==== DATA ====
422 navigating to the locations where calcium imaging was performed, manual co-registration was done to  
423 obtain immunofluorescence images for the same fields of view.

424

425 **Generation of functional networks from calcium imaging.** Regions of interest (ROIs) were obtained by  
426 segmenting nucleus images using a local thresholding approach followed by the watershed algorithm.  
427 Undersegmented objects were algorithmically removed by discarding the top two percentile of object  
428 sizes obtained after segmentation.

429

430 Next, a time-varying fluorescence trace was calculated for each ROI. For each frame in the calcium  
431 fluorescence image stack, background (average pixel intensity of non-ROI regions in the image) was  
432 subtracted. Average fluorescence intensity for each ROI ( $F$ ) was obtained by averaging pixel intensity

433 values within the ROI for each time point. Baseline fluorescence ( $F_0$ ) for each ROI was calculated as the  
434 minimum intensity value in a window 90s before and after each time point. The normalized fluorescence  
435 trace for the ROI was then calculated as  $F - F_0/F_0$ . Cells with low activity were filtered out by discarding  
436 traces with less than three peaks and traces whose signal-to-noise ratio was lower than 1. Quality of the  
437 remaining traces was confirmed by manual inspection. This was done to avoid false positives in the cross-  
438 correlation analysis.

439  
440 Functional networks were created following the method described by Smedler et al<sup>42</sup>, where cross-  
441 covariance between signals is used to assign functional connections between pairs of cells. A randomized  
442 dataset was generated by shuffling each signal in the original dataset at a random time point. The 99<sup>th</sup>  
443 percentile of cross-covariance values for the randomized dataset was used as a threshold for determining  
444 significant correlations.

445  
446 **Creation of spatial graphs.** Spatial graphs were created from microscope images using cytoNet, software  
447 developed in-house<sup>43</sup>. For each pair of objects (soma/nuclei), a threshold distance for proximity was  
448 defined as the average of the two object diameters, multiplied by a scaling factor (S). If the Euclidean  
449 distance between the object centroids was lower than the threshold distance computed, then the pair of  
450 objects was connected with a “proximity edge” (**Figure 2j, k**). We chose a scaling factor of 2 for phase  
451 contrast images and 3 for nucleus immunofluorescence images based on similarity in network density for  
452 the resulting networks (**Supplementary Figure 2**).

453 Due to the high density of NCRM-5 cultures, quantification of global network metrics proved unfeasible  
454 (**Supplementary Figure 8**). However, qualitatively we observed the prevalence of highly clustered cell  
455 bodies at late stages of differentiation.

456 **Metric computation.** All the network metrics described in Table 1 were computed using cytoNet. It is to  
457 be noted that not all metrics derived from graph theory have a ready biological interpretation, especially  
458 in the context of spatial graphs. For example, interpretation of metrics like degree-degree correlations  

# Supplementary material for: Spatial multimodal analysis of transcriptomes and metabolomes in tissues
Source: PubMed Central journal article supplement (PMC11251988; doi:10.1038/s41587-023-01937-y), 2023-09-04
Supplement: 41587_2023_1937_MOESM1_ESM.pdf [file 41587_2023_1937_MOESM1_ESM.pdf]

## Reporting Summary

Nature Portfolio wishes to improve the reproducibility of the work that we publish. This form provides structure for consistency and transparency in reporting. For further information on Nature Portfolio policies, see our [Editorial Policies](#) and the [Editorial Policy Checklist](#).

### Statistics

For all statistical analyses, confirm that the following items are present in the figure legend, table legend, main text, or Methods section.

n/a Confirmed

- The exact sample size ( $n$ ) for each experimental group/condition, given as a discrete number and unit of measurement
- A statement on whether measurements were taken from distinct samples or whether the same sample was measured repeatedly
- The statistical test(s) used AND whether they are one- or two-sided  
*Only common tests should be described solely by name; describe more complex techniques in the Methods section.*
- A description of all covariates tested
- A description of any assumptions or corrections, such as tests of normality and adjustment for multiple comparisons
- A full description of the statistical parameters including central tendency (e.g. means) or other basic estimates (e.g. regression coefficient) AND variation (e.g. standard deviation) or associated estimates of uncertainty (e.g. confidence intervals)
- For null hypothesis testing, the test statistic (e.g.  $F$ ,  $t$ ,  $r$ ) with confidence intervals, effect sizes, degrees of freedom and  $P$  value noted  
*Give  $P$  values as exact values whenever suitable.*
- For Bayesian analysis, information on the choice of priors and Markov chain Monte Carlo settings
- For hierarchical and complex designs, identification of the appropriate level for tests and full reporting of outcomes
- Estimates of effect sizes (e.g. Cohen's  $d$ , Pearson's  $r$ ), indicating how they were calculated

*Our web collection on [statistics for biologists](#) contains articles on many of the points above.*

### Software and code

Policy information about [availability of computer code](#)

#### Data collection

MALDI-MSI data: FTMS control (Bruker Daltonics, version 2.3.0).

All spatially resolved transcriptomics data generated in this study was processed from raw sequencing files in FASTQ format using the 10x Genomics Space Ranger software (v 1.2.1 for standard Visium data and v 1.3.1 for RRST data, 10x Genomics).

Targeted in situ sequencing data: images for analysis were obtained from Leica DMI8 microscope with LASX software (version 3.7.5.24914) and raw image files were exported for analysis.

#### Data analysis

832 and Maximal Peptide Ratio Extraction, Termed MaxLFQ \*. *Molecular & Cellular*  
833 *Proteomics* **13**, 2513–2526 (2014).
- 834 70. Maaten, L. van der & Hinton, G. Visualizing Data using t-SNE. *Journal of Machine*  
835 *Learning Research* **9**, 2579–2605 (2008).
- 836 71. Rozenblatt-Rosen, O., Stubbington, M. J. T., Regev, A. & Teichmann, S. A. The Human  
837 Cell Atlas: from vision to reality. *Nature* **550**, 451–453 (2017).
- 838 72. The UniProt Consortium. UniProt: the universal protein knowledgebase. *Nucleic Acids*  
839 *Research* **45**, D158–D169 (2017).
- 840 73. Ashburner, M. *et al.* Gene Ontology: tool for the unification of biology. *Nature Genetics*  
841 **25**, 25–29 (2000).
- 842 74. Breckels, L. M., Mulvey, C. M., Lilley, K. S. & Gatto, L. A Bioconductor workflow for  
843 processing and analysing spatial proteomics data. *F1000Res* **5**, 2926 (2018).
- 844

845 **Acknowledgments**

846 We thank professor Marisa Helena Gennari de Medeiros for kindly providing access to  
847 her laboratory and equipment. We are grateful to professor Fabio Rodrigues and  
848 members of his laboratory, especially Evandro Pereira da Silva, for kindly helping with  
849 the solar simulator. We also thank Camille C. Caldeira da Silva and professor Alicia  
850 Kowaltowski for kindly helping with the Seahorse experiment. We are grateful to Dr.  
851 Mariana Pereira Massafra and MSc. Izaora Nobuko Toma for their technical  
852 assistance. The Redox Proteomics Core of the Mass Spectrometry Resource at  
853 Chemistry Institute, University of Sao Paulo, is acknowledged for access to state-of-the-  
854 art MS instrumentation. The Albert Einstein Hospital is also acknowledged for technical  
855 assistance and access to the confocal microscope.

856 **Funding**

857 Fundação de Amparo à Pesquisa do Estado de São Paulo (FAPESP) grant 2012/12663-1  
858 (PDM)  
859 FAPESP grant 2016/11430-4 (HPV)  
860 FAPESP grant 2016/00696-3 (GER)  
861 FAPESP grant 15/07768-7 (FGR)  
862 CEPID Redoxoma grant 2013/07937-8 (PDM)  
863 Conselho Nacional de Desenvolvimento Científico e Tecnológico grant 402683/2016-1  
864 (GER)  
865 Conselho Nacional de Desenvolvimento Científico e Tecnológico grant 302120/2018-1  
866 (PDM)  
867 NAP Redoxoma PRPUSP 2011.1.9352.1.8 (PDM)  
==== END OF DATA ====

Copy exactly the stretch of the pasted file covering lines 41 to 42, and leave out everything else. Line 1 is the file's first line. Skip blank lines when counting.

## Reporting Summary

Nature Portfolio wishes to improve the reproducibility of the work that we publish. This form provides structure for consistency and transparency in reporting. For further information on Nature Portfolio policies, see our [Editorial Policies](#) and the [Editorial Policy Checklist](#).